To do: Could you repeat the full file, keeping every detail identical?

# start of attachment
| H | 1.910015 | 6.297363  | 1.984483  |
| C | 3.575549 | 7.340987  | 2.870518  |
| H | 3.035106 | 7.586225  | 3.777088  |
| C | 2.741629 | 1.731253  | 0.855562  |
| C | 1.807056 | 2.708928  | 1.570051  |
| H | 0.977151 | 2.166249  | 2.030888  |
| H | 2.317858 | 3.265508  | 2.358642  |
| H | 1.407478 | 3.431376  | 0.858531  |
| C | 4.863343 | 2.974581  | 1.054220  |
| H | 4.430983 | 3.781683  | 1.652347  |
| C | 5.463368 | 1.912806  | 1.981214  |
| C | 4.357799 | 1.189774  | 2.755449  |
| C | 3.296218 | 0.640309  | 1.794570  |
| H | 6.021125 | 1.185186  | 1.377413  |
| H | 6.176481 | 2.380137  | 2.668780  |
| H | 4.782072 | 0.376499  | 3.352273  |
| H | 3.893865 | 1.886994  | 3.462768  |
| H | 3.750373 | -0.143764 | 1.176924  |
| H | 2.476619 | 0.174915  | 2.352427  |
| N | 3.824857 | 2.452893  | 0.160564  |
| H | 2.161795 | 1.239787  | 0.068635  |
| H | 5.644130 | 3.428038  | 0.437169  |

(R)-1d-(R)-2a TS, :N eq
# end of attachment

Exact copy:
| H | 1.910015 | 6.297363  | 1.984483  |
| C | 3.575549 | 7.340987  | 2.870518  |
| H | 3.035106 | 7.586225  | 3.777088  |
| C | 2.741629 | 1.731253  | 0.855562  |
| C | 1.807056 | 2.708928  | 1.570051  |
| H | 0.977151 | 2.166249  | 2.030888  |
| H | 2.317858 | 3.265508  | 2.358642  |
| H | 1.407478 | 3.431376  | 0.858531  |
| C | 4.863343 | 2.974581  | 1.054220  |
| H | 4.430983 | 3.781683  | 1.652347  |
| C | 5.463368 | 1.912806  | 1.981214  |
| C | 4.357799 | 1.189774  | 2.755449  |
| C | 3.296218 | 0.640309  | 1.794570  |
| H | 6.021125 | 1.185186  | 1.377413  |
| H | 6.176481 | 2.380137  | 2.668780  |
| H | 4.782072 | 0.376499  | 3.352273  |
| H | 3.893865 | 1.886994  | 3.462768  |
| H | 3.750373 | -0.143764 | 1.176924  |
| H | 2.476619 | 0.174915  | 2.352427  |
| N | 3.824857 | 2.452893  | 0.160564  |
| H | 2.161795 | 1.239787  | 0.068635  |
| H | 5.644130 | 3.428038  | 0.437169  |

(R)-1d-(R)-2a TS, :N eq